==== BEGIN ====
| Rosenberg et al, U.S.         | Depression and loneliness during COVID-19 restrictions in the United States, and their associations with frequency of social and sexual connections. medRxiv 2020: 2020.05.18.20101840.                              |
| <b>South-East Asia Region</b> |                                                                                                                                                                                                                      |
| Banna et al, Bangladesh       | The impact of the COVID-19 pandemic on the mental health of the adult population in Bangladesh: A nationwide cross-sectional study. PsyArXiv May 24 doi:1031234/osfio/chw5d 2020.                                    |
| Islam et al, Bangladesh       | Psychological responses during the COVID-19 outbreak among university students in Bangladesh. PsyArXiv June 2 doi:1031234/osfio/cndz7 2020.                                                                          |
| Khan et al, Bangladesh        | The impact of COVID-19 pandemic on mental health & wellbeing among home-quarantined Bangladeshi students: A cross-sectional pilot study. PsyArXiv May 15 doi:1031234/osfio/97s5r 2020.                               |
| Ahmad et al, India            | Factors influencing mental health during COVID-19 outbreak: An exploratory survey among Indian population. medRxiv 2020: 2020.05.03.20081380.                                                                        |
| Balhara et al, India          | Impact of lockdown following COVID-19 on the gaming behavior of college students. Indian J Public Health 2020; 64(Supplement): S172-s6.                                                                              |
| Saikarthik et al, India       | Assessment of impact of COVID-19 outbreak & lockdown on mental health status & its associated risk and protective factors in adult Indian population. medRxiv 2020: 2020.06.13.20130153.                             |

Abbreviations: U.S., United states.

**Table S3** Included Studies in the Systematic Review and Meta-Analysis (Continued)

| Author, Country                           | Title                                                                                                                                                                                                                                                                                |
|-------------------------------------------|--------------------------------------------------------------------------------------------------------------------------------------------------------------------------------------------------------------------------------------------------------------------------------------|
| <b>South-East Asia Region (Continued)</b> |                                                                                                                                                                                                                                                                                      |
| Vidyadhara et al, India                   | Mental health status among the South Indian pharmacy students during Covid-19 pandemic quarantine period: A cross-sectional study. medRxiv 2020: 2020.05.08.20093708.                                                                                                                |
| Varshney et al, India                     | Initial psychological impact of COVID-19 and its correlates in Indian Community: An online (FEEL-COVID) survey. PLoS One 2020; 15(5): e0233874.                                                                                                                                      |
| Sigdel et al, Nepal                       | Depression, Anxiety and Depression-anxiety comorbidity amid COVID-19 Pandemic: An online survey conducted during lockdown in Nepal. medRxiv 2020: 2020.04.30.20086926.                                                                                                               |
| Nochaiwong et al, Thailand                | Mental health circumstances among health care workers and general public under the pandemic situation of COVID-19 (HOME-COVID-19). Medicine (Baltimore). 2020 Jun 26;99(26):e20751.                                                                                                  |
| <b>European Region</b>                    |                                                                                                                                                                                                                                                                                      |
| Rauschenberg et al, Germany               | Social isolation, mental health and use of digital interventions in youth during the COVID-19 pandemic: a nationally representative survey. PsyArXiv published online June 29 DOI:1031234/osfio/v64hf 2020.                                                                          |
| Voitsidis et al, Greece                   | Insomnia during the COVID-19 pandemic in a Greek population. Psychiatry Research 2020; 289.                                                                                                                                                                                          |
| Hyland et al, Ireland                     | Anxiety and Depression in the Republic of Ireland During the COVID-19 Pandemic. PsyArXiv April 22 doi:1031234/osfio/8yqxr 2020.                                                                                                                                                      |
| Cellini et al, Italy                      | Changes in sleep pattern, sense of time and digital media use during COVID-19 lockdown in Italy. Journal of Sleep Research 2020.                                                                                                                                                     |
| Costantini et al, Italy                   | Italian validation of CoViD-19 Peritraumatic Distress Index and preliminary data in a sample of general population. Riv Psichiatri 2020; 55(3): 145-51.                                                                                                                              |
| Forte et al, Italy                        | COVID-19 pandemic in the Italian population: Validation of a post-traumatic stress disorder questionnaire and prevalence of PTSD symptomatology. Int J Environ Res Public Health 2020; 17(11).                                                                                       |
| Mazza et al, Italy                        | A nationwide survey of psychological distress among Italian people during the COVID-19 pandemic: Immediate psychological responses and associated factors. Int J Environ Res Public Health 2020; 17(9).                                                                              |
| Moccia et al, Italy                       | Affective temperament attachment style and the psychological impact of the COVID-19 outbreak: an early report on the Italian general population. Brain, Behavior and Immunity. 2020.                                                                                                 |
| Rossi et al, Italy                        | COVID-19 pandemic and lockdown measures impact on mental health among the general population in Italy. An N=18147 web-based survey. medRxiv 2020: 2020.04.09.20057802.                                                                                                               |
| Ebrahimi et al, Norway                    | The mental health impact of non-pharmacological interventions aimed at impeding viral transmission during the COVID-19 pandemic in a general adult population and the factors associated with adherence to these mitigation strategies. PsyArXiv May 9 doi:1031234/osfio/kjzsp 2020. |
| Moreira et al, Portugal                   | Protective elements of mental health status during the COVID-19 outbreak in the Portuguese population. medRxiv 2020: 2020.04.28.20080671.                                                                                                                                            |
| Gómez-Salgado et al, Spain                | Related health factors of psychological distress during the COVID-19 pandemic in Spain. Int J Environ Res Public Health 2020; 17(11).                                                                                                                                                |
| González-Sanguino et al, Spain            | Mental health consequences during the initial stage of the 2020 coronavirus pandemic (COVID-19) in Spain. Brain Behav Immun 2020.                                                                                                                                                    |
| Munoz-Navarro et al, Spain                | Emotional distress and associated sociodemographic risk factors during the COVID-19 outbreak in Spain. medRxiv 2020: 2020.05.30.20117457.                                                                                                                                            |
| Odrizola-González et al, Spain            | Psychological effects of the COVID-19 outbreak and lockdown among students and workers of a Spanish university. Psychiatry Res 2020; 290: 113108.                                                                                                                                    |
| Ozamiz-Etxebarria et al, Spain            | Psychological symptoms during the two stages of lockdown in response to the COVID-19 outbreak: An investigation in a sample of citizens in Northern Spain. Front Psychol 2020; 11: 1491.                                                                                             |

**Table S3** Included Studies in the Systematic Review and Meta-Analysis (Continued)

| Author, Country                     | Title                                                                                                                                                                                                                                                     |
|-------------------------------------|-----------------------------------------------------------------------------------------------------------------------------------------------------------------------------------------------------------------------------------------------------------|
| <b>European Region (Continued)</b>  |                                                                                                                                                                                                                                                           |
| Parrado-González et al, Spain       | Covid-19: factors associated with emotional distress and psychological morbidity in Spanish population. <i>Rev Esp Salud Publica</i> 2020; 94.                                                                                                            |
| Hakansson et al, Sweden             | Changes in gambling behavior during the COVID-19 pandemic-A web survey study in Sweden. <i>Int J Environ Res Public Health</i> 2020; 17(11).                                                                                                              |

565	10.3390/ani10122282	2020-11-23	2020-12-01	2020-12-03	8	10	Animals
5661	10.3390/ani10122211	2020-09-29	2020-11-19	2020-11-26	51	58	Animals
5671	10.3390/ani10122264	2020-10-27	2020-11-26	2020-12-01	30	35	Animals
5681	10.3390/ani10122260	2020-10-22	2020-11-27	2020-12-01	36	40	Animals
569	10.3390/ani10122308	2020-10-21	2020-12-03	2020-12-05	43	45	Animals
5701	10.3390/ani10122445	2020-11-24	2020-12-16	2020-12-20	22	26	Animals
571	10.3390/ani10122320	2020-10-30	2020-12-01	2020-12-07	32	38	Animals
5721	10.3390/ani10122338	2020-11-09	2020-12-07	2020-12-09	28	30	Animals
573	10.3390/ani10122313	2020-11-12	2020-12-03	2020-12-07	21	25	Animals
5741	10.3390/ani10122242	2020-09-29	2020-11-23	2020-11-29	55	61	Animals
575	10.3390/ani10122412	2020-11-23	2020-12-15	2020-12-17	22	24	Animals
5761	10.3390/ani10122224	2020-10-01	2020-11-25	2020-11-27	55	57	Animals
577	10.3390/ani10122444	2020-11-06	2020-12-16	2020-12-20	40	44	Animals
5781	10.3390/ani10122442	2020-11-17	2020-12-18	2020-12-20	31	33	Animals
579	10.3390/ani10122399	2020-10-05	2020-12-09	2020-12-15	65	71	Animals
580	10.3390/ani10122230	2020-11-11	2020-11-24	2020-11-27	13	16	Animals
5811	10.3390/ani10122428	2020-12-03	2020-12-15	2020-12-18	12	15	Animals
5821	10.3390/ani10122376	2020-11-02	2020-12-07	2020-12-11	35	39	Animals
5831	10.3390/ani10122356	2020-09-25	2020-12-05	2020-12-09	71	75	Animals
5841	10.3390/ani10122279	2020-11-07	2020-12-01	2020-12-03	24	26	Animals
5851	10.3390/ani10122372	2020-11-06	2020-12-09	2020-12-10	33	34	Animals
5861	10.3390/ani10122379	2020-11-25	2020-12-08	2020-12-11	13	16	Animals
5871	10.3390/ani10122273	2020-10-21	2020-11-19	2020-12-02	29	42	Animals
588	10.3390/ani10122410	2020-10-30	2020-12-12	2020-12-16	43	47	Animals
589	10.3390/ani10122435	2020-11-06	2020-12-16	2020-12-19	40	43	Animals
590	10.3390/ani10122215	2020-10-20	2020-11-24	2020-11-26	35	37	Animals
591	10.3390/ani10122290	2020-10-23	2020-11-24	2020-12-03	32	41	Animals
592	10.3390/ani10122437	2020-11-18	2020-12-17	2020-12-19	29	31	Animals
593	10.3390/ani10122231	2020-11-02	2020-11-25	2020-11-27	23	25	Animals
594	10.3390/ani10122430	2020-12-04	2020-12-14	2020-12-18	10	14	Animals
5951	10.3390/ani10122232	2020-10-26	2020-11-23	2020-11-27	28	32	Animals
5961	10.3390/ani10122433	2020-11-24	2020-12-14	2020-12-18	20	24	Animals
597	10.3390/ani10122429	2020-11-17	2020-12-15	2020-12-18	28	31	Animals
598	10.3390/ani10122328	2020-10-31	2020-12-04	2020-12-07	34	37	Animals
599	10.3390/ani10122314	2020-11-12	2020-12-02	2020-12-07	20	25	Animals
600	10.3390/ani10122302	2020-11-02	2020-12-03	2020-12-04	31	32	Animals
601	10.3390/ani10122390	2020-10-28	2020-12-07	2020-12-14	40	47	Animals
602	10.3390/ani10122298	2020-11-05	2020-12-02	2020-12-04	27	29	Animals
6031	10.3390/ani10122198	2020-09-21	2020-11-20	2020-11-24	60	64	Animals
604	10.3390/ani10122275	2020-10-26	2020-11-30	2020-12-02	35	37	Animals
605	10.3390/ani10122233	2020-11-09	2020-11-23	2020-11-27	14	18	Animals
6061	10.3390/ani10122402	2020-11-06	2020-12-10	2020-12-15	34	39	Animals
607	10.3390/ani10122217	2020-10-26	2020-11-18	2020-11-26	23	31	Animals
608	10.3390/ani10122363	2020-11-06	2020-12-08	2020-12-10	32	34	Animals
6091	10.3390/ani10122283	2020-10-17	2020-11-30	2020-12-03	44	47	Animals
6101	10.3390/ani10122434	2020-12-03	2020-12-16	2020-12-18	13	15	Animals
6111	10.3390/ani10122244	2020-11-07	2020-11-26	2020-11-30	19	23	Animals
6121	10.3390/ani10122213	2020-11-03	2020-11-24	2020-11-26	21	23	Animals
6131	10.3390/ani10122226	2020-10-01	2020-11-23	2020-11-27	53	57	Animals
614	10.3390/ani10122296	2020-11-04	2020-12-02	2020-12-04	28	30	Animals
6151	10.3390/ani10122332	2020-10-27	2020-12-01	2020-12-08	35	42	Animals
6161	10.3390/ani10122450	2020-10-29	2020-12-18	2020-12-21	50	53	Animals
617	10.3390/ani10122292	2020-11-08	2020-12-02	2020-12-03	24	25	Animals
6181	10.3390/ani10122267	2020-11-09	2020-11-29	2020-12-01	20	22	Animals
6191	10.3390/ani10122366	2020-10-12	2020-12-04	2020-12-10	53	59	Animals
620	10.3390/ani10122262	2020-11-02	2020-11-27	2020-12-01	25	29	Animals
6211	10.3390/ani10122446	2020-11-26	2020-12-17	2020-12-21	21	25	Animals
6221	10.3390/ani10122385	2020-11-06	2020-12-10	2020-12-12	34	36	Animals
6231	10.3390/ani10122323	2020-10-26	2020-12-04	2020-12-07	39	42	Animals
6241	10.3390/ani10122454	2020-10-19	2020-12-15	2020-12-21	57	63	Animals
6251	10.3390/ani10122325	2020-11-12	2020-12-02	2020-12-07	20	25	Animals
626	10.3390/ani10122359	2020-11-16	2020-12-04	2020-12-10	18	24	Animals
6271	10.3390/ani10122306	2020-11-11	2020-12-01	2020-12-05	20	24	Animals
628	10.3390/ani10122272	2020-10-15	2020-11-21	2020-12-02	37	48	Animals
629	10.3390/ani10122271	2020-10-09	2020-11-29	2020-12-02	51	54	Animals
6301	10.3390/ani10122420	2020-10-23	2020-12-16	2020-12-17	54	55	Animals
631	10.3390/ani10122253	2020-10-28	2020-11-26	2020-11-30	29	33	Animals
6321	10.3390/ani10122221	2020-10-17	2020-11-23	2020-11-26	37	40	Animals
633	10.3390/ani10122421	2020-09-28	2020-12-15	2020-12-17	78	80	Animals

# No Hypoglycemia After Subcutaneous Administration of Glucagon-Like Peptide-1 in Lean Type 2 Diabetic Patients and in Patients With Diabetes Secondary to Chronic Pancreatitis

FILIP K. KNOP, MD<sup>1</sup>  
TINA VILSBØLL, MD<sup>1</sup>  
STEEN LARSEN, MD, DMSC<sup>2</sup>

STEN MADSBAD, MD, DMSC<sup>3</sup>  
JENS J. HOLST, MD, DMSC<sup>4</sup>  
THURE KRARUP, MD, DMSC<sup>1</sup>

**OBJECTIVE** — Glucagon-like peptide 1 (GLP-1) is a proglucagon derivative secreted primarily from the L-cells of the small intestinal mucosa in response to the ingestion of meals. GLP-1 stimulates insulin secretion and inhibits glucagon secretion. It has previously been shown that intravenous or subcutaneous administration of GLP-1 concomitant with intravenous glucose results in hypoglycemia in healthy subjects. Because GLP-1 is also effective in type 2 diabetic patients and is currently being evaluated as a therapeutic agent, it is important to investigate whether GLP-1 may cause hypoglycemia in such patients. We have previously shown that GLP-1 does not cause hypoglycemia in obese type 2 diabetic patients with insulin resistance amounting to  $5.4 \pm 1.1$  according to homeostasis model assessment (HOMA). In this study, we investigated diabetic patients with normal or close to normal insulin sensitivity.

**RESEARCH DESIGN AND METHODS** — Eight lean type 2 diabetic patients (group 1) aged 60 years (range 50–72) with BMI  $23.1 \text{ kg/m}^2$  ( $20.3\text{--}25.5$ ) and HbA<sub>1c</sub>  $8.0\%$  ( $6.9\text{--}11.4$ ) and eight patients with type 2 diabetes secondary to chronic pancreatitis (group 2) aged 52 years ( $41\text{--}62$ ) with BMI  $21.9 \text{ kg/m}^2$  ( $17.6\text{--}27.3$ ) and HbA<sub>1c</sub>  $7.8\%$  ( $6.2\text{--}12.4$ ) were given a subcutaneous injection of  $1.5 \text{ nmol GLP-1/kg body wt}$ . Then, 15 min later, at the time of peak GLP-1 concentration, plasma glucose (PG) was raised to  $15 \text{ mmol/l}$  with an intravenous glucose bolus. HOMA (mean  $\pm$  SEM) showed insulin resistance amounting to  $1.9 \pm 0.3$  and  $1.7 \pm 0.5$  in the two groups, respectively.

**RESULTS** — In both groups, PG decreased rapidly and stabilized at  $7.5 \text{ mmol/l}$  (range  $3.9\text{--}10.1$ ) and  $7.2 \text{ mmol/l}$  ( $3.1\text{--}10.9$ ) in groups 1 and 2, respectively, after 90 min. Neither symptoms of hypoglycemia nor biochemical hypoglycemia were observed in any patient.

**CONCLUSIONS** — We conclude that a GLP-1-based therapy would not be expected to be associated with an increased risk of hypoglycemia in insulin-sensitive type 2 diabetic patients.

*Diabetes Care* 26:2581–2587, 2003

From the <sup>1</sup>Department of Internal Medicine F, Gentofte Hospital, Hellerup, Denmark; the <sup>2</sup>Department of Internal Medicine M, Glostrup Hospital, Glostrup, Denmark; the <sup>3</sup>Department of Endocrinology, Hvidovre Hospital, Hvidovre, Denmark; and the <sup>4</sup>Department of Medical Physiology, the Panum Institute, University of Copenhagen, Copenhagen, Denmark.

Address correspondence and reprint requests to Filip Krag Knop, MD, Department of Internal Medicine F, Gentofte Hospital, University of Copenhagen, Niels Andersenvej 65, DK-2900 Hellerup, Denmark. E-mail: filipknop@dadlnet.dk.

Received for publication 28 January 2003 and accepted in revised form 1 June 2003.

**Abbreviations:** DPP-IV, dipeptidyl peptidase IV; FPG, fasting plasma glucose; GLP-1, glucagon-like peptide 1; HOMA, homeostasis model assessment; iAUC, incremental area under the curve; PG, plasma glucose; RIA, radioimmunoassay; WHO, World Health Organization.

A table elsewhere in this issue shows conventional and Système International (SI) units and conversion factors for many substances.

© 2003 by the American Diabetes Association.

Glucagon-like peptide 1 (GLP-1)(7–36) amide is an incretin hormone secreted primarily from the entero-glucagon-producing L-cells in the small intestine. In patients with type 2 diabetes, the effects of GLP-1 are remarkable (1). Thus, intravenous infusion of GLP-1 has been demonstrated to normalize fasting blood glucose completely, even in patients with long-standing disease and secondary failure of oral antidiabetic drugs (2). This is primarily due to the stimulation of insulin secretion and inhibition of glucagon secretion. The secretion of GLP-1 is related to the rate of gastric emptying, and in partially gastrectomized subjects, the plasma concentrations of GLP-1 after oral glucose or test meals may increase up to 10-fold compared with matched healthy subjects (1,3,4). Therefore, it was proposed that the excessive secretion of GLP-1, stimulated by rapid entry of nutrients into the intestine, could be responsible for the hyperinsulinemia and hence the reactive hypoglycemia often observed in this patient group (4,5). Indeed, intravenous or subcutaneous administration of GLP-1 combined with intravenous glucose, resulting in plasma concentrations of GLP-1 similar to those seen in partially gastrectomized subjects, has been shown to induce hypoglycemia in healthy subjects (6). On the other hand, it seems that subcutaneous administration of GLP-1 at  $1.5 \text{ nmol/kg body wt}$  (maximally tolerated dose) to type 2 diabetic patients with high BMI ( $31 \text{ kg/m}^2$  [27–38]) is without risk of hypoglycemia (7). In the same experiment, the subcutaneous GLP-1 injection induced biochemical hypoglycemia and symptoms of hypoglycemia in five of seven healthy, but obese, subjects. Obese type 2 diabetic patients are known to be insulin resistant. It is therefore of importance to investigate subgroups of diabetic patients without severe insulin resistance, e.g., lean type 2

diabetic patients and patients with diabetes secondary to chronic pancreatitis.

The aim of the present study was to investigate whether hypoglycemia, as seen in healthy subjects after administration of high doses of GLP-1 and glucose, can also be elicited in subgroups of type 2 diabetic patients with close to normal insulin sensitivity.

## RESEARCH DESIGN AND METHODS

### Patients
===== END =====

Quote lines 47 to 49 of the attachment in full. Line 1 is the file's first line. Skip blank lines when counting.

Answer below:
571	10.3390/ani10122320	2020-10-30	2020-12-01	2020-12-07	32	38	Animals
5721	10.3390/ani10122338	2020-11-09	2020-12-07	2020-12-09	28	30	Animals
573	10.3390/ani10122313	2020-11-12	2020-12-03	2020-12-07	21	25	Animals